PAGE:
In this two-part inquiry-based lab, students use slime molds to understand the effects of barriers on the movement of organisms. During guided inquiry, students learn to work with the plasmodial slime mold Physarum polycephalum and construct mazes using Lego brand blocks as a barrier. During open inquiry, students design their own experiments to test barriers they predict will be effective in controlling the movement of the slime mold. This investigation is a fun way to introduce the scientific method and can be integrated through content areas such as the cell, ecology, and behavior of organisms. All of the National Science Education Standards for inquiry are addressed (National Academy of Sciences, 1996, pp. 176–177), giving students opportunities to develop skills in all areas of scientific investigation.

Slime Molds

Many of us are familiar with slime molds through the seemingly overnight appearance of yellow or orange "slime" on a mulch pile or in a garden bed. Slime molds are not actually molds or even fungi; rather, they are classified as amoeboid protozoans. This exercise makes use of a plasmodial slime mold known as Physarum polycephalum. The plasmodium is a streaming packet of cytoplasm containing many nuclei. In the plasmodial stage, P. polycephalum exhibits an amoeboid type of movement and is known to respond to a variety of environmental stimuli, including light, physical barriers, food sources, and chemical repellants (Nakagaki et al., 2000, 2007; Adamatzky, 2010; Latty & Beekman, 2010). This response can be easily observed with the naked eye as the plasmodium grows, creating new pseudopodia and thickening tubes in some areas and shrinking back pseudopodia and allowing tubes to die in other areas (tubes that were once alive appear white rather than yellow). As more materials are exchanged between two parts of a tube, the tube thickens and is reinforced. As fewer materials are exchanged, the tube thins and eventually dies (Nakagaki et al., 2007).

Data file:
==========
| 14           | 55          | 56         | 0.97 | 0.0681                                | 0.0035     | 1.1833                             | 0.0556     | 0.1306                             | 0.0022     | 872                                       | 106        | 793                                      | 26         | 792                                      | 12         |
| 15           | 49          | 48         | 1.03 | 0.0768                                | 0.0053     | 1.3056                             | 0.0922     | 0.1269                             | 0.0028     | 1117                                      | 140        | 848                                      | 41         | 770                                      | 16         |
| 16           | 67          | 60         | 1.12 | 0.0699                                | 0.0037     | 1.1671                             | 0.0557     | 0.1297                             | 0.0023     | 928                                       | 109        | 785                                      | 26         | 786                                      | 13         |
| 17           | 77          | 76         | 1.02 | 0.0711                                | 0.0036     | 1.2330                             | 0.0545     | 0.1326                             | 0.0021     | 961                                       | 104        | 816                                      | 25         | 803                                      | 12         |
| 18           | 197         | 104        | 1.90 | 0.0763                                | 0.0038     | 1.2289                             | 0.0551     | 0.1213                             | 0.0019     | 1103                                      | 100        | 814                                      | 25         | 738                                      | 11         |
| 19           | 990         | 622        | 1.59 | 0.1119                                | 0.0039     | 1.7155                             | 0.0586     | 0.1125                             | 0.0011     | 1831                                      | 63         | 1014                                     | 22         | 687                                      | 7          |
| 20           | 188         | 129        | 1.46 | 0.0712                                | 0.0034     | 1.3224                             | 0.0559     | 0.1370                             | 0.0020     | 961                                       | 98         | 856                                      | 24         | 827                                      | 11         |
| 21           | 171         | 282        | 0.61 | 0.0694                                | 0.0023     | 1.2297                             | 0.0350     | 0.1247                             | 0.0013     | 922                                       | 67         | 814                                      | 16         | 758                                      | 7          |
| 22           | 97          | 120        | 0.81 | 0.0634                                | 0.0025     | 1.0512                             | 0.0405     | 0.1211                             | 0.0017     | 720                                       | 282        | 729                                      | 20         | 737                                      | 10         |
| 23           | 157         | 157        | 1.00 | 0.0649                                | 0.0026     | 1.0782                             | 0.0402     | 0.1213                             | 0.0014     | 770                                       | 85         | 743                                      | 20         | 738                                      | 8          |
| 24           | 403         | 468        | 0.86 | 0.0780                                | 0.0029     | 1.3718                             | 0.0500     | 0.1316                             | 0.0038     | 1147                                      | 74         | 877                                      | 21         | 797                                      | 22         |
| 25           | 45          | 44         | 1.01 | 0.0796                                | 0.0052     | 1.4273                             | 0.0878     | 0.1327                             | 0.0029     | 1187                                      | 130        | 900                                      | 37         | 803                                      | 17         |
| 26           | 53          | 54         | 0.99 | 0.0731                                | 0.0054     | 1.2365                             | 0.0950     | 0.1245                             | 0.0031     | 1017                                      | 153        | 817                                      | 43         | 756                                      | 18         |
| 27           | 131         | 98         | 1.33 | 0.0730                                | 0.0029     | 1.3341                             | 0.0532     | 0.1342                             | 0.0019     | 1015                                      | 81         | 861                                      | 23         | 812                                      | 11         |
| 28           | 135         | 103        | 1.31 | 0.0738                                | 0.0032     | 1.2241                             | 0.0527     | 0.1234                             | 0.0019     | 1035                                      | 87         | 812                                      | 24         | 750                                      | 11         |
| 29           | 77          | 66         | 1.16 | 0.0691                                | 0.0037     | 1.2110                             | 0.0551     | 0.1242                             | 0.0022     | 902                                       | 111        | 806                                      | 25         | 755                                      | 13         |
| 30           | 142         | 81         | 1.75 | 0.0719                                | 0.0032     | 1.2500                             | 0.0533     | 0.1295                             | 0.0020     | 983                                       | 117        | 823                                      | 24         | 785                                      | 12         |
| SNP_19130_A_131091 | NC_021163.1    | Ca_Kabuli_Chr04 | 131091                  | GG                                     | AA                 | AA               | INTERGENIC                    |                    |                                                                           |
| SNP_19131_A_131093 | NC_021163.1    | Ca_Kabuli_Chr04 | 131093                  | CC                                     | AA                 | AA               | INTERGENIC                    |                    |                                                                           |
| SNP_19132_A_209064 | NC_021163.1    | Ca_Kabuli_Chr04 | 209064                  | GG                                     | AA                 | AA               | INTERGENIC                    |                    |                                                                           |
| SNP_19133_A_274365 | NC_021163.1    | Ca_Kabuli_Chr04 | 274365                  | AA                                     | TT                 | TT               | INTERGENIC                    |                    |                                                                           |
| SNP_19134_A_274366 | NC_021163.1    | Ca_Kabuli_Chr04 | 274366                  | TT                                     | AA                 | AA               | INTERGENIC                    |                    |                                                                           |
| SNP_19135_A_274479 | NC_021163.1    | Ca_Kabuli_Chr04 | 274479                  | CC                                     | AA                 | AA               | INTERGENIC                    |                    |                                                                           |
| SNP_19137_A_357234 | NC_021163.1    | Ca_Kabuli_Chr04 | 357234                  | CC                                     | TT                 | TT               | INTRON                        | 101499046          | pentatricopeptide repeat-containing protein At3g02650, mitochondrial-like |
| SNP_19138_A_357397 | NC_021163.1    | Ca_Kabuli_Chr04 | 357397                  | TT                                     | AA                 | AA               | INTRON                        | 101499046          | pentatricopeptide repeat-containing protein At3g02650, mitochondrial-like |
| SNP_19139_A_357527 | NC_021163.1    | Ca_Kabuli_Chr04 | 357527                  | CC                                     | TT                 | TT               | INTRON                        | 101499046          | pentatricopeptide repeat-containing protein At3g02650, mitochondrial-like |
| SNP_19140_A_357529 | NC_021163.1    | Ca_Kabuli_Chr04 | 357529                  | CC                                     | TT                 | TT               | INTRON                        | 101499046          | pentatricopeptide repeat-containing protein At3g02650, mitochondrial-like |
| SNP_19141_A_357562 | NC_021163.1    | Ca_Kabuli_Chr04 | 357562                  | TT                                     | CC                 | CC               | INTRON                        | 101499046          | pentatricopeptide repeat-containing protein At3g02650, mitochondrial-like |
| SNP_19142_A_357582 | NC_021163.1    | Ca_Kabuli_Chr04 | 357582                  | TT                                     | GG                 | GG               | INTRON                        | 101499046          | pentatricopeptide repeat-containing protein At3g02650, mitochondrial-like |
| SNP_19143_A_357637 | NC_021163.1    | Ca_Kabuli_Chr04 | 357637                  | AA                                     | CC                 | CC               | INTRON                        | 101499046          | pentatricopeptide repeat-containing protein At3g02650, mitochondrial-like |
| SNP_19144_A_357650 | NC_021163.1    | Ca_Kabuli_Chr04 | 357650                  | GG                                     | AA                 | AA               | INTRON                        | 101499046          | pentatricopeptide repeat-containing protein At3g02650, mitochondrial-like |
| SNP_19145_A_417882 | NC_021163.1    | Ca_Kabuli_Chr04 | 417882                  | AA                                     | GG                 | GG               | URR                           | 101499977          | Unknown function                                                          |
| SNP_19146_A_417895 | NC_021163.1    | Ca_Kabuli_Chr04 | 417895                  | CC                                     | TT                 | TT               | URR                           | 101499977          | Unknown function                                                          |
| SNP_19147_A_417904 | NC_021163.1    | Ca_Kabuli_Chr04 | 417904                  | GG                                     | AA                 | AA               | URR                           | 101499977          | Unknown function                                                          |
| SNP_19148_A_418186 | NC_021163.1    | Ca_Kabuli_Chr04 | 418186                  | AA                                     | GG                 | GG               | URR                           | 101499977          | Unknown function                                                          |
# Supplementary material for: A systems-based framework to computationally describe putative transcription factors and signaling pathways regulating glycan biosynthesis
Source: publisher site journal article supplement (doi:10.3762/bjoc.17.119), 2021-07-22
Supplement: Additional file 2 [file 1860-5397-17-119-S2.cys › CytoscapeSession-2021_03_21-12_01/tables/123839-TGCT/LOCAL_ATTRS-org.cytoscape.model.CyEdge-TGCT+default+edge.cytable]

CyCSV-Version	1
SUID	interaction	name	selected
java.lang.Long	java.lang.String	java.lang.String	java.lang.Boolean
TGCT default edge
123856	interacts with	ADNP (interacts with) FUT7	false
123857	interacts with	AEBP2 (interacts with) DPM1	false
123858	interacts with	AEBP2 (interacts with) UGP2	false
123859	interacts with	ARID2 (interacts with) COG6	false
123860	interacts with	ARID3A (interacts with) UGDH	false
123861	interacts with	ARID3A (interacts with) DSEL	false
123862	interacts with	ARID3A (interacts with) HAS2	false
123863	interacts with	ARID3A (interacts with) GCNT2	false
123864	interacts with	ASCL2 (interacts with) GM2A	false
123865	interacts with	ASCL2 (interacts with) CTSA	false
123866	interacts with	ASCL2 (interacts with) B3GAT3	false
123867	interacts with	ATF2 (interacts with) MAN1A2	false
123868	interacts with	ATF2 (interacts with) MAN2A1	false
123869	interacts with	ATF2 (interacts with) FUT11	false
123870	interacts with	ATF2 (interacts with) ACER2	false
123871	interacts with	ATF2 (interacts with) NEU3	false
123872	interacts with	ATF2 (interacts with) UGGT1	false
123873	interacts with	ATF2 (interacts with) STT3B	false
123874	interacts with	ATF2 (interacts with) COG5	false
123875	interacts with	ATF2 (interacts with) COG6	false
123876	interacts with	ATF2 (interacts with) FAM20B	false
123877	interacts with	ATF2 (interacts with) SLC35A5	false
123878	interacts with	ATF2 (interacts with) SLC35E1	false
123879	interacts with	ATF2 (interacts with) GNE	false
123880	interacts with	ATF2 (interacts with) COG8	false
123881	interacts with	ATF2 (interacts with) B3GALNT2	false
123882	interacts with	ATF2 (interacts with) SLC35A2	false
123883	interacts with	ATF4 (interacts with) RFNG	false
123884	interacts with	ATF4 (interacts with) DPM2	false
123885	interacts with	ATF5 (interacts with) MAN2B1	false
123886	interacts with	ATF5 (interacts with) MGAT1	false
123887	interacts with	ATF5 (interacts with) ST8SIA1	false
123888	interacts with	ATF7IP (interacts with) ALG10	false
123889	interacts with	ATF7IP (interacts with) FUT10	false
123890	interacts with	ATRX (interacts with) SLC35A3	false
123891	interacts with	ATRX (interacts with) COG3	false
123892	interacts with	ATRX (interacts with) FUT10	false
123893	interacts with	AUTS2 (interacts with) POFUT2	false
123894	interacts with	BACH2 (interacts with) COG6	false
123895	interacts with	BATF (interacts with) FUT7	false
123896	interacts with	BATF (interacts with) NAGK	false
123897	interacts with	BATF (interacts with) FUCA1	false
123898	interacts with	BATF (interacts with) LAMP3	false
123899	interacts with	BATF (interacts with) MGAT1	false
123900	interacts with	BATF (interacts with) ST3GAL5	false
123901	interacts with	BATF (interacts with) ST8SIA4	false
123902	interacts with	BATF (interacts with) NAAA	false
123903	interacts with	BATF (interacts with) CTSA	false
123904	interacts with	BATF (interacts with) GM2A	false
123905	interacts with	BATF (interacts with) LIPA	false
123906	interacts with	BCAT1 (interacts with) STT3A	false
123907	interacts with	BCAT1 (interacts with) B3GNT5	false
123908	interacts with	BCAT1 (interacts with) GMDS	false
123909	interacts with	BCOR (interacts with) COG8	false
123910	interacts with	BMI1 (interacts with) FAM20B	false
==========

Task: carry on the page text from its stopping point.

Slime molds have been used in several diverse fields of scientific research. Ecologists have used slime molds to study optimal foraging strategies (Latty & Beekman, 2010), and computer scientists have used slime molds to build a robot controlled by their movement (Knight, 2006). The activities described here were inspired by two clever experiments that demonstrate the "primitive intelligence" of P. polycephalum. Nakagaki et al. (2000) placed P. polycephalum in a maze created by cutting out a pattern of plastic film. They showed that after filling the maze, P. polycephalum shrinks its plasmodium so that it connects two food sources placed at two ends through the shortest distance of the maze (a time-lapse video of the experiment can be viewed at http://www.youtube.com/watch?v=F3z_mdaQ5ac). Tero et al. (2010) used P. polycephalum to model the Tokyo rail system. By placing food in areas of concentrated human populations and by shining light to restrict growth to model areas of natural barriers (mountains, lakes, and oceans), they showed that P. polycephalum forms an efficient network of "rail lines." The design of both of these experiments is contingent upon the ability of P. polycephalum to sense and respond to barriers in its environment.

Barriers